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Father's Day - Becoming a dad changes you
Robert Dawes, Senior Development Manager for Mothers’ Union, answers our questions about how life has changed since he became a dad
How many children do you have and how old are they?
I have a four-year-old son and nine-year-old daughter.
How did you feel when you heard you were going to be a dad for the first time?
Excited, nervous, uncertain. Our daughter was a real answer to prayer because things hadn’t been happening for a while. I went to Malawi on a work trip and sat and prayed with a Mothers’ Union member called Miriam. It was a really powerful and touching moment. She said, ‘You’ve prayed, now you need to put your faith into action and go out and buy some baby clothes and just wait.’
What has being a dad taught you and how has it changed you?
It has taught me more about God’s love and what it means to have God as our Father. It’s a practical life lesson in sin and forgiveness. It really highlights how much we all fall short of God’s love. At times it can be the most challenging experience but it is also extremely transforming. Becoming a dad changes you as a person. I remember when my wife was pregnant with our daughter, a Mothers’ Union member said to me, ‘Get used to worrying.’ At the time we were worried about the fact that Sophie wasn’t growing. And she said, ‘You’re worrying about that now and when she’s born you’ll be worried about something else and then as she’s growing up you’ll be worrying in different ways for the rest of her life.’ It is very true.
What do you most enjoy doing with your children?
Having experiences together and laughing. I love teaching them things. This weekend I was playing on the Xbox with my son and teaching him how to play a game. Then later I was showing my daughter how to ride a pony. On the Sunday we went in to town together and had a really lovely time. Doing fun stuff together and making memories is what I most enjoy.
How does being a dad in the UK differ to the experiences of fatherhood you have seen on your travels and work overseas? What are the similarities?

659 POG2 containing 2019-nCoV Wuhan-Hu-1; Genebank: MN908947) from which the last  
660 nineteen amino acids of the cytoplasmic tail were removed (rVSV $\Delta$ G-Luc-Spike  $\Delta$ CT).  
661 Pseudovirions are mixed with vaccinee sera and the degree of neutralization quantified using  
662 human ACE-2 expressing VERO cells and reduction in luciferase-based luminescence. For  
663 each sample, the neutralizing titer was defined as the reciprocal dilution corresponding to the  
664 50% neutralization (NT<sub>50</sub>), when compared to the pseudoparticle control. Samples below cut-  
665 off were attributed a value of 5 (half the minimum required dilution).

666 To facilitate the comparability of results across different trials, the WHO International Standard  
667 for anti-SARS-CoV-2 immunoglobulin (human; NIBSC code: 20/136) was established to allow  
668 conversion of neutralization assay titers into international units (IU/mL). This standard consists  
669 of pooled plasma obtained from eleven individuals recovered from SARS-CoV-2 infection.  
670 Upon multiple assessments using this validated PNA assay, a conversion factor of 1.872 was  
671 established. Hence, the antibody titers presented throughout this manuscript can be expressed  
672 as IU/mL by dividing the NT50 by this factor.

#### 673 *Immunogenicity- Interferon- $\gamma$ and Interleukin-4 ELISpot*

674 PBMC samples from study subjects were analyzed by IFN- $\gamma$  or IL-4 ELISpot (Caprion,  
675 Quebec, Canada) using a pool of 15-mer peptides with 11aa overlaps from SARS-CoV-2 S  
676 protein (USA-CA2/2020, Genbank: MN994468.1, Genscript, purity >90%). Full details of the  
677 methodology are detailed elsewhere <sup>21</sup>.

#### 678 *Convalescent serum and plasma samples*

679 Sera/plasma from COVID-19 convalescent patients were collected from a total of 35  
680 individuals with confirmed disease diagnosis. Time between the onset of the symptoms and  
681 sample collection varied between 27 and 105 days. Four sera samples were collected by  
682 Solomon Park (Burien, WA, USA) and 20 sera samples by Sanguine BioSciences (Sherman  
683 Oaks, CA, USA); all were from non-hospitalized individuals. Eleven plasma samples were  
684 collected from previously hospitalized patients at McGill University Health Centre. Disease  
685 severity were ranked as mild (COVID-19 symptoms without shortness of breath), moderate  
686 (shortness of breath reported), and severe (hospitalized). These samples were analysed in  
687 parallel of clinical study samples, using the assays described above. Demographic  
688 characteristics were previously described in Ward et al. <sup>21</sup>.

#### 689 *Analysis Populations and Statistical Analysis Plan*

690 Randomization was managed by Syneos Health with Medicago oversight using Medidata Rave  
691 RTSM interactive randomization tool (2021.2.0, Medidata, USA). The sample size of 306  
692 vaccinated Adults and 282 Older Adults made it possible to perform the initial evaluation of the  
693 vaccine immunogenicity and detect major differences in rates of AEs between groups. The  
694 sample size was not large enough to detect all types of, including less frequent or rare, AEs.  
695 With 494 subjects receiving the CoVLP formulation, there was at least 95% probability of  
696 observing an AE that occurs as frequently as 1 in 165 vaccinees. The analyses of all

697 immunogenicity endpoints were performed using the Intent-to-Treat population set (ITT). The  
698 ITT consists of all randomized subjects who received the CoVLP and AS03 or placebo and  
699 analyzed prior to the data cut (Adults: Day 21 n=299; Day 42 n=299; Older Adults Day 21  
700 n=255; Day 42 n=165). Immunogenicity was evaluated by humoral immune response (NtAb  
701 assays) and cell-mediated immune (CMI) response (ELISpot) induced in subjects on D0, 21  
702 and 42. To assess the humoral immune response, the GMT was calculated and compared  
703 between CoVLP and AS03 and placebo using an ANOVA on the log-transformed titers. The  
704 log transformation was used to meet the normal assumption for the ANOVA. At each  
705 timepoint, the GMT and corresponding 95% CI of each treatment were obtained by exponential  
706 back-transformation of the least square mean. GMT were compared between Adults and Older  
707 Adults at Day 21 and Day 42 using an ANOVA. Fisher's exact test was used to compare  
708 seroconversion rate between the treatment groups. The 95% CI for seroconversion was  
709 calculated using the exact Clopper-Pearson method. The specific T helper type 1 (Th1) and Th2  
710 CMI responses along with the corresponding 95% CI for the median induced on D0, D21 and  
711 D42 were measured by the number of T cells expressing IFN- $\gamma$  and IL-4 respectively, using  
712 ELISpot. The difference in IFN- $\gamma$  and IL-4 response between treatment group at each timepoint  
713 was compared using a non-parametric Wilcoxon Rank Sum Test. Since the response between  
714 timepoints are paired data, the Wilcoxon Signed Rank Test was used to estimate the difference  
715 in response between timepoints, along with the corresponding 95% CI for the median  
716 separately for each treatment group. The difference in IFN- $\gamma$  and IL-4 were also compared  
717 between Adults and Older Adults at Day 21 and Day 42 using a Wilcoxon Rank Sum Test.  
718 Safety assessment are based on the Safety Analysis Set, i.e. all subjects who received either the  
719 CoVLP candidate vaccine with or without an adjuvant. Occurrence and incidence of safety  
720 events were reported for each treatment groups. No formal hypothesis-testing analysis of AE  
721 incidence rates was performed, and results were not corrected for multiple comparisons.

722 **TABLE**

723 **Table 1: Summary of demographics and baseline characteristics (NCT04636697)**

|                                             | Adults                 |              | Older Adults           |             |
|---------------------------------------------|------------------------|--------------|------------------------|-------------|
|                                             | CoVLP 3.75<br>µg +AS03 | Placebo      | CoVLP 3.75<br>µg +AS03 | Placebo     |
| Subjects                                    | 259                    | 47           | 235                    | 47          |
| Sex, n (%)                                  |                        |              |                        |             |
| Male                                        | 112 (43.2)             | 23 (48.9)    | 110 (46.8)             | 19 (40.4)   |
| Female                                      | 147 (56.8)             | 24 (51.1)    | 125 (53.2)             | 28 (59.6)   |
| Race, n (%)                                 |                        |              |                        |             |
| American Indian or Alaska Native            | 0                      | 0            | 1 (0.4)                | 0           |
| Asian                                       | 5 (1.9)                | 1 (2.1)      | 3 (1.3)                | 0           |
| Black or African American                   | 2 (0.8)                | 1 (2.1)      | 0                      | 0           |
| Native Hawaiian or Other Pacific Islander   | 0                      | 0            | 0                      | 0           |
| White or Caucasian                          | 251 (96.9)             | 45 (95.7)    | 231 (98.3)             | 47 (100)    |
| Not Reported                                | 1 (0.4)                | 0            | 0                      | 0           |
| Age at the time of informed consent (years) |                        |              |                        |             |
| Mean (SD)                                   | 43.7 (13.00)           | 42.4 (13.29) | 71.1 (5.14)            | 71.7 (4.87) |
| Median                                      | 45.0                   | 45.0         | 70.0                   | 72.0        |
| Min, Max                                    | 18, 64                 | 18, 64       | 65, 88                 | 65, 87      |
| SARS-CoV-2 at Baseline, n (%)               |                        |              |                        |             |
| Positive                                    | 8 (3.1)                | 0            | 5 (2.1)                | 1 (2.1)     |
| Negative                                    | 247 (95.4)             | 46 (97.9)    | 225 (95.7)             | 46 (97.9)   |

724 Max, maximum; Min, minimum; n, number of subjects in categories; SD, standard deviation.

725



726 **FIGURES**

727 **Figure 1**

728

We’re all people at the end of the day so there are a lot of similarities between being a dad here and overseas. I meet with bishops and their families from around the world and their kids struggle with the same things as any child with a father in full-time ministry does. They miss their dads. In other countries there can also sometimes be a real lack of good quality education that is free. If you want quality, families with money generally tend to send their kids to boarding school and again this can presents difficulties and parents and children miss each other.
The majority of men strive to be a good dad but concepts and cultures differ and it’s hard fighting those challenges. Patriarchy is a big deal in the UK but it’s even more so in some of the countries we work in. In my job it’s just about not giving up.
What are the challenges that dads in the UK face and what are the challenges that dads in the communities we serve face?
Work/life balance is a big one. Time and money frustrations are huge, especially when you don’t have much of either. It’s the same all over the world really. The roles and responsibilities we have can present a series of mindsets that some father’s struggle with.
Why do you think celebrating fathers or father figures is important?
Hypo-masculinity is a problem everywhere, so celebrating the fathers that don’t fall into that trap is important. I also feel sorry for guys who have lost the idea that it’s OK to hug your kids.
What will you be doing this Father’s Day?
I’ll probably be with my dad, who lives over an hour away. We’ll all share a big meal together.
This article first appeared in Families First Summer 2019 edition, pg.42-43